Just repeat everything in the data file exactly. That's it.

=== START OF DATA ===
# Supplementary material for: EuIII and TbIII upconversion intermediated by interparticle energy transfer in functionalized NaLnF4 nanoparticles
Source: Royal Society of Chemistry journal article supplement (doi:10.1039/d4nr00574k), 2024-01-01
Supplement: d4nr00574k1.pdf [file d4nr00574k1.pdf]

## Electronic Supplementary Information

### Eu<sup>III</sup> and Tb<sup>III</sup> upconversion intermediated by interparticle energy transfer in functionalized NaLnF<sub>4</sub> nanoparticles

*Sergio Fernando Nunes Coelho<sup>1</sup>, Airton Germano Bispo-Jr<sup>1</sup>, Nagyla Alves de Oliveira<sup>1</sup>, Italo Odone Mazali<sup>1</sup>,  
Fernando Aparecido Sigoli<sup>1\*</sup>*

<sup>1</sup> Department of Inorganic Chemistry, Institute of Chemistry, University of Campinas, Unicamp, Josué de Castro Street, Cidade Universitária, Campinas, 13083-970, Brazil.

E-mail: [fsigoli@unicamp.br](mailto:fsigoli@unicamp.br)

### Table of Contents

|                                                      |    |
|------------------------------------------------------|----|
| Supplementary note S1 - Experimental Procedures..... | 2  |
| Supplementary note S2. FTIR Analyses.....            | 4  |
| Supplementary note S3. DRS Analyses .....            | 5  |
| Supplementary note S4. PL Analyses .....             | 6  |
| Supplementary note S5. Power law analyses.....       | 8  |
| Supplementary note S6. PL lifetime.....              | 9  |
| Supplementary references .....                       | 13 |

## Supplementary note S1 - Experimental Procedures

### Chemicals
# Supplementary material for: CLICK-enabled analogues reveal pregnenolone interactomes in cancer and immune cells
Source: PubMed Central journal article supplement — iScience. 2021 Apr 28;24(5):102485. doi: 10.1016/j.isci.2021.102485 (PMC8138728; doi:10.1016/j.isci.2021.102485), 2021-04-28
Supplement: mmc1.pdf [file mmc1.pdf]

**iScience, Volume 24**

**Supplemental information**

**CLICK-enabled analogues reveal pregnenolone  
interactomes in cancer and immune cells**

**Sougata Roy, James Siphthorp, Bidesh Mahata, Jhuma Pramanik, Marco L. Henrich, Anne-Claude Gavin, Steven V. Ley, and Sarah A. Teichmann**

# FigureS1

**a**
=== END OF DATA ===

# Supplementary material for: EuIII and TbIII upconversion intermediated by interparticle energy transfer in functionalized NaLnF4 nanoparticles
Source: Royal Society of Chemistry journal article supplement (doi:10.1039/d4nr00574k), 2024-01-01
Supplement: d4nr00574k1.pdf [file d4nr00574k1.pdf]

## Electronic Supplementary Information

### Eu<sup>III</sup> and Tb<sup>III</sup> upconversion intermediated by interparticle energy transfer in functionalized NaLnF<sub>4</sub> nanoparticles

*Sergio Fernando Nunes Coelho<sup>1</sup>, Airton Germano Bispo-Jr<sup>1</sup>, Nagyla Alves de Oliveira<sup>1</sup>, Italo Odone Mazali<sup>1</sup>,  
Fernando Aparecido Sigoli<sup>1\*</sup>*

<sup>1</sup> Department of Inorganic Chemistry, Institute of Chemistry, University of Campinas, Unicamp, Josué de Castro Street, Cidade Universitária, Campinas, 13083-970, Brazil.

E-mail: [fsigoli@unicamp.br](mailto:fsigoli@unicamp.br)

### Table of Contents

|                                                      |    |
|------------------------------------------------------|----|
| Supplementary note S1 - Experimental Procedures..... | 2  |
| Supplementary note S2. FTIR Analyses.....            | 4  |
| Supplementary note S3. DRS Analyses .....            | 5  |
| Supplementary note S4. PL Analyses .....             | 6  |
| Supplementary note S5. Power law analyses.....       | 8  |
| Supplementary note S6. PL lifetime.....              | 9  |
| Supplementary references .....                       | 13 |

## Supplementary note S1 - Experimental Procedures

### Chemicals
# Supplementary material for: CLICK-enabled analogues reveal pregnenolone interactomes in cancer and immune cells
Source: PubMed Central journal article supplement — iScience. 2021 Apr 28;24(5):102485. doi: 10.1016/j.isci.2021.102485 (PMC8138728; doi:10.1016/j.isci.2021.102485), 2021-04-28
Supplement: mmc1.pdf [file mmc1.pdf]

**iScience, Volume 24**

**Supplemental information**

**CLICK-enabled analogues reveal pregnenolone  
interactomes in cancer and immune cells**

**Sougata Roy, James Siphthorp, Bidesh Mahata, Jhuma Pramanik, Marco L. Henrich, Anne-Claude Gavin, Steven V. Ley, and Sarah A. Teichmann**

# FigureS1

**a**